Ezra grumbled, “I plan on makin’ it back alive and I won’t having you fouling the plan.”  He nodded toward the east.  “You head across toward the Palmer ranch.  Get him to lend you a mount.  I’ll continue south on our current path and obtain Mr. Stoker’s assistance.”

“Hell, Ezra,” JD complained.  “You know Palmer ain’t gonna help me.”

“You will have to convince him otherwise,” Ezra told him. 

“Yeah, but you know Cal’s gonna help.  I ain’t goin’ to Palmer’s!”

Ezra lowered his head, still breathing through his teeth to catch his breath, keeping one hand to his chest.  “I don’t have time, JD.  This is a childish argument.”  In the dim light, he gave JD a severe look.  “We have a job to do,” he said sharply.  “I cannot waste any more time debating this with you, son. We're not discussing frog-giggers.  This is deadly serious. Now, behave like the man you claim to be and do it.”

JD clapped his mouth shut, his face hot.  Any declaration that he wanted to stay together died on his lips.  “Okay, fine then,” JD returned.  “I’m headin’ to Palmer’s and hope the guy doesn’t shoot my head off when I come on his property.”

“Excellent,” Ezra muttered.

“Cal Stoker’s probably gonna give you his best horse and give you breakfast, too.”

“Possibly,” Ezra responded.  He reached out a hand and slapped JD on the back.  “Good luck, my friend.”

At the gracious-sounding words, JD grumbled, and shook Ezra off of himself.  He wasn’t going to be taken in so easily by the con artist.  It was Ezra's trade to smile at the mark as he conned them out of their lifesavings, to make it seem as if he was doing them a favor. 

"I’m goin’,” JD declared, and turned toward Palmer’s.  “Don’t see why you get the easy way though.”  He glanced toward Ezra, who still stood where he’d been, leaning forward, with one hand on his knee for support.  “Why you get the easy way, Ezra?” he called.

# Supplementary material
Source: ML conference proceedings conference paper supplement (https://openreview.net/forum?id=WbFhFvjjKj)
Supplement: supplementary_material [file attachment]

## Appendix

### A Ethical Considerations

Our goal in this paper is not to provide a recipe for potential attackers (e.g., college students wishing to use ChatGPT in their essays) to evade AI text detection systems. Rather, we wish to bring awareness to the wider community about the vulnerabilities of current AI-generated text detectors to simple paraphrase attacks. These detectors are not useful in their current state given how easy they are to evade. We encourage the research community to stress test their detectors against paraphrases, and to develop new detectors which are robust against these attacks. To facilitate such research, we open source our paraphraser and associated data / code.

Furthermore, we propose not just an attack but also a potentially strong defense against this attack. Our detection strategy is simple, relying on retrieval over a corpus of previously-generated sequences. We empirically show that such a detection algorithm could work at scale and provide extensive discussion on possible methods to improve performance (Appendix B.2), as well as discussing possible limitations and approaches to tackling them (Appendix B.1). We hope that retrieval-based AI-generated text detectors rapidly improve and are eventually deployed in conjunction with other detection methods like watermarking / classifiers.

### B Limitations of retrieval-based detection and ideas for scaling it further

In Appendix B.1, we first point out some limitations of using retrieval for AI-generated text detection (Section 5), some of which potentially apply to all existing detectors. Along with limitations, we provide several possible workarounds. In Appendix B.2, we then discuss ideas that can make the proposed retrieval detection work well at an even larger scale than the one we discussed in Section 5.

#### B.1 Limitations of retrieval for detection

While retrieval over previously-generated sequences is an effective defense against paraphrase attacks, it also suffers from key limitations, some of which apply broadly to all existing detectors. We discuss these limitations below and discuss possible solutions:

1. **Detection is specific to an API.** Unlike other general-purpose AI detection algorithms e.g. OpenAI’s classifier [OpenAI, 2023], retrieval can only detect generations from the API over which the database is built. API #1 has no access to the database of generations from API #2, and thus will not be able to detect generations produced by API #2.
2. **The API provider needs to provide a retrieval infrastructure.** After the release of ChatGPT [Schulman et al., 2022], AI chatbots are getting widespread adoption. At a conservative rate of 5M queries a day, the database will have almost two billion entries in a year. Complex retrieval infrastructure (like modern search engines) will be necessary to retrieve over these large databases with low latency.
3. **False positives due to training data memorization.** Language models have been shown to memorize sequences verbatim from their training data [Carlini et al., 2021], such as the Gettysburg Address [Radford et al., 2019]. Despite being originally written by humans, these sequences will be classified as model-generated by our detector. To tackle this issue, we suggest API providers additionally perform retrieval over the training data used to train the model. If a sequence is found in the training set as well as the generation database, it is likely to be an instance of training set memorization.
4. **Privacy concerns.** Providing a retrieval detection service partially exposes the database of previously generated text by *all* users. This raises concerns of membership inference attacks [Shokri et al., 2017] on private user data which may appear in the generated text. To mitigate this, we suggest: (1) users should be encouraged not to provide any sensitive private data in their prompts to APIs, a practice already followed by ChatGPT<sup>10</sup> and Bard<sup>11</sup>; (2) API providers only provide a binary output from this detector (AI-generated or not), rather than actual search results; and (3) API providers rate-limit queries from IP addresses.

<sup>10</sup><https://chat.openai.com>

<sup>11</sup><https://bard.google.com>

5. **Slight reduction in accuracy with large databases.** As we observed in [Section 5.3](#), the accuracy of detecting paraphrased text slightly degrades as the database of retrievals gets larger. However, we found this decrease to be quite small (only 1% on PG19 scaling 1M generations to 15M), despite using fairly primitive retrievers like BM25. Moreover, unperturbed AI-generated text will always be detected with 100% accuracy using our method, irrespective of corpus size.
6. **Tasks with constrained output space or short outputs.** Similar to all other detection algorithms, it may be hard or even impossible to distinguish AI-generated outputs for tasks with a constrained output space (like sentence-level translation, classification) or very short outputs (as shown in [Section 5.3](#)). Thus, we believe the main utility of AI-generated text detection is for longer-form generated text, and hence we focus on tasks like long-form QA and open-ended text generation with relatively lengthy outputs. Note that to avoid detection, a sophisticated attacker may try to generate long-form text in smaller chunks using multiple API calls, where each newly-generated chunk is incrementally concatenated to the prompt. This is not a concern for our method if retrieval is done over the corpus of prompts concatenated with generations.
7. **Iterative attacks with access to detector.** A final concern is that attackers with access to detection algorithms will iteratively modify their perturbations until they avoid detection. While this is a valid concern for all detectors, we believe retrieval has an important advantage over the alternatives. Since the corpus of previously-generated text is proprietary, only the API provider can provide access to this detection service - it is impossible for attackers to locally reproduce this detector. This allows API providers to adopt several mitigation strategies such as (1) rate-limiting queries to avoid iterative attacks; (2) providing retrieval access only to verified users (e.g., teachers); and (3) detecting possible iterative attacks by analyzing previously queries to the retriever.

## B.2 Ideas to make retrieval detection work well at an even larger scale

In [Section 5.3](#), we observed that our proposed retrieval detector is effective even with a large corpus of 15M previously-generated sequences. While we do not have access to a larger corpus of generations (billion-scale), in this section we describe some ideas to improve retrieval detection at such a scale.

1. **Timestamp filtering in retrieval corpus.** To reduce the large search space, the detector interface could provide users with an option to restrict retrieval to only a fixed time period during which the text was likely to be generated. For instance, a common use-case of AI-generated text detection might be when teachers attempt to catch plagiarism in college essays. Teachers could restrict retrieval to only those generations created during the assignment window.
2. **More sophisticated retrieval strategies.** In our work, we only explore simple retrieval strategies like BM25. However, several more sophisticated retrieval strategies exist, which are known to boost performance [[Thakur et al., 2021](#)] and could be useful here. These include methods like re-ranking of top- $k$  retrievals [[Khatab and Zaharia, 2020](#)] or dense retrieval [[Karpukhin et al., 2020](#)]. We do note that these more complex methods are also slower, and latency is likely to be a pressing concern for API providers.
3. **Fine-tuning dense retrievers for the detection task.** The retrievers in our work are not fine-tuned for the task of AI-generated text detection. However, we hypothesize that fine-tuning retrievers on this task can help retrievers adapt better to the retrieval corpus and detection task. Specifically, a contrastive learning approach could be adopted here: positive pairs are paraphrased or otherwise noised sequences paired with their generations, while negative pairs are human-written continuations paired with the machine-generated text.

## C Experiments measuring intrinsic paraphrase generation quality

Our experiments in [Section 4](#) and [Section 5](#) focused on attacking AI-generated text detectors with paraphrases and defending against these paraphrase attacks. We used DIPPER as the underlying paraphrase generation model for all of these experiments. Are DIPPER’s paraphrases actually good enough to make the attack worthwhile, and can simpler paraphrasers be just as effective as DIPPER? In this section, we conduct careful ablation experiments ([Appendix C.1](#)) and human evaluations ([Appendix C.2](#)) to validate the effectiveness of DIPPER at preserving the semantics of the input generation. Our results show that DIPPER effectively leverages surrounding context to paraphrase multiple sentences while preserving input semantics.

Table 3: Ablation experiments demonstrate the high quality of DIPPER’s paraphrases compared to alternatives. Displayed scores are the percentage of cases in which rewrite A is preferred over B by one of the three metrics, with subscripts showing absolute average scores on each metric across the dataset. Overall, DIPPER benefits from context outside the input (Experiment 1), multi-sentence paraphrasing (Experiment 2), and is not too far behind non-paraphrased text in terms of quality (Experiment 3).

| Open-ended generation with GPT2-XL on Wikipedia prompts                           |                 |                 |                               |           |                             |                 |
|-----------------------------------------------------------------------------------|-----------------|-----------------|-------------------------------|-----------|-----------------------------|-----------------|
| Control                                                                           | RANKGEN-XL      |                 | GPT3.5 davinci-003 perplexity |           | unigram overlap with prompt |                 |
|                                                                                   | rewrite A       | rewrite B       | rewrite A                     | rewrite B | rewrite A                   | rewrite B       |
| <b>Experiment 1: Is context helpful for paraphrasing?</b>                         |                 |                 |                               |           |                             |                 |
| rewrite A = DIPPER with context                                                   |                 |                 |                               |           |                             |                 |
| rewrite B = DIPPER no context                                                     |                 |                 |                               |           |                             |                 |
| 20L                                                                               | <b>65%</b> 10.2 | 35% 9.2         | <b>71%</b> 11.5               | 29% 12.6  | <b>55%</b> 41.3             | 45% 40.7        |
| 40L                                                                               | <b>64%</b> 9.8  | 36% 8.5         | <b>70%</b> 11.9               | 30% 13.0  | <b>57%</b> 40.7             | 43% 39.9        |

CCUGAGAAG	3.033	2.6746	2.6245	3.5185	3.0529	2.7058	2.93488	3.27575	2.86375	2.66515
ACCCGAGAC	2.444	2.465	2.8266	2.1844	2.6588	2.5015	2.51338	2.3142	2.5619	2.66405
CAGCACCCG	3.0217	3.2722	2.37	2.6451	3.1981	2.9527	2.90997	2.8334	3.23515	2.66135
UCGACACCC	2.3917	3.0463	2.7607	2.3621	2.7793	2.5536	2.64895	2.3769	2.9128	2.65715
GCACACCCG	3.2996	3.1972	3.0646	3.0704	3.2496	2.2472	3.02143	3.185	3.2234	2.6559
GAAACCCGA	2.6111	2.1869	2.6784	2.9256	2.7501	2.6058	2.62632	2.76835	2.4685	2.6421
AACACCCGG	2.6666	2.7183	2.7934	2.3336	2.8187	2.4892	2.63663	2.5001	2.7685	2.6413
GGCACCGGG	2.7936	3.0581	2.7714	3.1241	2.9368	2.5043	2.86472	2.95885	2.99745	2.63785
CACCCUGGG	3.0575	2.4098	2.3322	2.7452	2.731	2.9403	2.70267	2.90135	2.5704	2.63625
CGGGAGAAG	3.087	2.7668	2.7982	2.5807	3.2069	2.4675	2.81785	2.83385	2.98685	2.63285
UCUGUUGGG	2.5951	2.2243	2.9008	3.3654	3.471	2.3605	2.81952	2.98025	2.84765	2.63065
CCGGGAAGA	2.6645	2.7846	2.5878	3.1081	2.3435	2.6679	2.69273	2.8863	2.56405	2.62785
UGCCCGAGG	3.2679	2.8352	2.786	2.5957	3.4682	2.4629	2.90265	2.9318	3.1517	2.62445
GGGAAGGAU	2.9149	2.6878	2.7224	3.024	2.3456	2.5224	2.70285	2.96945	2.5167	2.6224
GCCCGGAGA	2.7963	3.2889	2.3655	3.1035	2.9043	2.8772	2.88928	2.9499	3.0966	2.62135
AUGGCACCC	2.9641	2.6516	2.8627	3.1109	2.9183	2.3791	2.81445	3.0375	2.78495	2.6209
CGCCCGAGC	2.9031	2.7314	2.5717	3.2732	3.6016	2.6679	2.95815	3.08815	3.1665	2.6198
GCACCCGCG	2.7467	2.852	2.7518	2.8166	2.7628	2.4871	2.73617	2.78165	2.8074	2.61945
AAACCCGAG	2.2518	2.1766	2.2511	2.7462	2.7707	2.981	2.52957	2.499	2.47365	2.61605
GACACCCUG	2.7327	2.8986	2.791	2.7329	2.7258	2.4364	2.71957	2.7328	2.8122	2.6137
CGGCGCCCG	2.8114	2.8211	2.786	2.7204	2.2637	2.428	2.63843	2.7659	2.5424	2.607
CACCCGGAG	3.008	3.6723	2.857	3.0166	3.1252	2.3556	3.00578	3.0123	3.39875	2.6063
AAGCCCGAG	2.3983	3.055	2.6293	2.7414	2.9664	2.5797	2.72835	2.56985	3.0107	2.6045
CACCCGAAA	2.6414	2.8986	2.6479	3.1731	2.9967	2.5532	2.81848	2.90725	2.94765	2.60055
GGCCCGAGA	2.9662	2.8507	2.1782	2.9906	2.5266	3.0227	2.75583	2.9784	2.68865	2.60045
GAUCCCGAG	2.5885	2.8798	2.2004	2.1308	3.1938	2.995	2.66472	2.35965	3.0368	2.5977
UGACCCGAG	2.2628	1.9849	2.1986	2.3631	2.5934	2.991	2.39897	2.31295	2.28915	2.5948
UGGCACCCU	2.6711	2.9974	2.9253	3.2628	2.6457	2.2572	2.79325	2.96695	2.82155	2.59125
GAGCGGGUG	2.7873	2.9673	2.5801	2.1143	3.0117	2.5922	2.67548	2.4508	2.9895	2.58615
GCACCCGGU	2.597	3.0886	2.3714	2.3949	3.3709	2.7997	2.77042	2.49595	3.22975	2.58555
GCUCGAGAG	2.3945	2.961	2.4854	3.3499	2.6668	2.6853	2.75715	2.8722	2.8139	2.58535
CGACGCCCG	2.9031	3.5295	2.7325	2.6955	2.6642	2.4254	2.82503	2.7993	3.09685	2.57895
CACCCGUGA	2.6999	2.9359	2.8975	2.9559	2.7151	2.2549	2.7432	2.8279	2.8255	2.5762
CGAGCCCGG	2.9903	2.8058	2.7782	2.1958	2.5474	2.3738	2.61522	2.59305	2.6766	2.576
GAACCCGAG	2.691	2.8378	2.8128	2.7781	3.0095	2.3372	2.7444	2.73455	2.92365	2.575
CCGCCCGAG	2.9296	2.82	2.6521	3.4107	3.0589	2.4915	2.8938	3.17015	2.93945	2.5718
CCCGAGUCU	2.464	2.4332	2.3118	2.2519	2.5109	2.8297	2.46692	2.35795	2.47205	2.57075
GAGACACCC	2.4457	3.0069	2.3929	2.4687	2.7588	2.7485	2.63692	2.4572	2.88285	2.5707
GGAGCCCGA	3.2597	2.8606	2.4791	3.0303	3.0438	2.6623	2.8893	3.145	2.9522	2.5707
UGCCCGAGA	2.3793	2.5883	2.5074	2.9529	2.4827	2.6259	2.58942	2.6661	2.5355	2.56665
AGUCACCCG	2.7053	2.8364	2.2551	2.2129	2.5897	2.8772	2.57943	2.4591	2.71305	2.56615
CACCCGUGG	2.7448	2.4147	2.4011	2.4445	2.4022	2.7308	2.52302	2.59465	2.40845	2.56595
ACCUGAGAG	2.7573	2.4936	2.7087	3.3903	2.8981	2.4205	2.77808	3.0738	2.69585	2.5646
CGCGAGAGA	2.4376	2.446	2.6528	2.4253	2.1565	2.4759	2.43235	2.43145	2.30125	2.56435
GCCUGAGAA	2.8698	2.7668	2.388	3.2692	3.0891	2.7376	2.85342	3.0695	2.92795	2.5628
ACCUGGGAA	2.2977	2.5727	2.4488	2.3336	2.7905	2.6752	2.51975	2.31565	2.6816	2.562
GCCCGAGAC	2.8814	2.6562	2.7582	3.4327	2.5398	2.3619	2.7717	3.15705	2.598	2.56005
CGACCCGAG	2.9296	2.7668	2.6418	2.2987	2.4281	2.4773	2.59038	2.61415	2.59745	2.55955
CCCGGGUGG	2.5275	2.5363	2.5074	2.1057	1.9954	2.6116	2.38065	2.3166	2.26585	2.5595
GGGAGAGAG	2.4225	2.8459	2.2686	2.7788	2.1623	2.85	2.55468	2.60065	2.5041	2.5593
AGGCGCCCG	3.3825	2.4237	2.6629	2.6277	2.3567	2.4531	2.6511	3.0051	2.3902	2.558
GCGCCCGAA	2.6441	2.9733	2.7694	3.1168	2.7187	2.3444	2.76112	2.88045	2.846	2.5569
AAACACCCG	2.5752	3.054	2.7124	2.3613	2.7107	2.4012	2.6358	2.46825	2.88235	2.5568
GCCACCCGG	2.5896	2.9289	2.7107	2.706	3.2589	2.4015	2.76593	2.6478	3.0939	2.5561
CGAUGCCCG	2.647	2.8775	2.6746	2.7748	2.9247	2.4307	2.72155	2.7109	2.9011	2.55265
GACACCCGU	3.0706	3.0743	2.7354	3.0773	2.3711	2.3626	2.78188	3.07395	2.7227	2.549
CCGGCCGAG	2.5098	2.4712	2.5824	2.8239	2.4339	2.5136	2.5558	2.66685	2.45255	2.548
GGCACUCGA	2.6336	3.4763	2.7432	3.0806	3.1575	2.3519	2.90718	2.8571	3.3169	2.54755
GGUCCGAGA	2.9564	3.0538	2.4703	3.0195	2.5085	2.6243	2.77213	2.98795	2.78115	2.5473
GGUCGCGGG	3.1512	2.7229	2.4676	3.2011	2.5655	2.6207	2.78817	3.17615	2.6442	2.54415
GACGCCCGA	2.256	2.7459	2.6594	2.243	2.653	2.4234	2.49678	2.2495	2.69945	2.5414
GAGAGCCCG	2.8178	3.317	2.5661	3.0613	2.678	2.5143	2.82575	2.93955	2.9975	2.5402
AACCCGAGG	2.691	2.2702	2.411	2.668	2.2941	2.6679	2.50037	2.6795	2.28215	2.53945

The gambler smiled at him, mostly hidden in the dark.  “Because I thought of it.”  He cocked his head and said, “I’ll beat you home.”

“Don’t bet on it,” JD responded.

“What do you say to a little wager?  I’ll keep it small due to your tiny pockets.  What do you say to a dollar?”

"What?  You don't think I can win?  You don't think I can make it home without you?"

"On the contrary.  I'm simply statin' that I'll be be able to complete our mission before you do."

Angry, JD responded, “I’ll betcha $10!”

Ezra extended a hand.  “Shake on it?” he asked.

Instead JD turned sharply and started off toward Palmer's at a trot.


JD came into view of Four Corners.  His borrowed horse kept an awkward stride, making the ride ‘a pain in the rear’.  He grumbled as he rode, annoyed with Palmer who had given him hell for the early awakening – and for daring to ask a favor.

He swore at the horse, at Palmer and at Ezra for sending him on this errand.  Had Ezra returned to town already?  Maybe.  JD sure had pushed himself in order to return first. He wasn’t about to let Ezra win this little contest.  That $10 would belong to John Dunne!

The distance to the Stoker ranch was probably the same as to the Palmer ranch – but Stoker wouldn’t have made Ezra wait about forever on the porch, wouldn’t have made him twist in the wind as he begged for a horse, wouldn’t have given up a nag.

Bet Ezra figured I couldn’t handle this.  Bet he thought I wouldn’t make it.  He grimaced and the painful realization that Ezra still thought of him as just a ‘kid’, as something that would weigh him down.  It seemed to JD that he'd lived his whole life, running from that perception.  He'd always been small for his age, always treated younger than his years, always treated like a child.   He'd come west to shake off that assessment -- to be treated like a grown man instead of Maggie's boy, to be greeted as a 'pard' instead of 'sonny'.   Among these lawmen from Four Corners, JD figured he'd found that niche.  He hadn't been able to avoid the coddling -- after all, they'd given him the moniker 'kid' -- but Ezra had always treated him as an equal.  That is -- until now.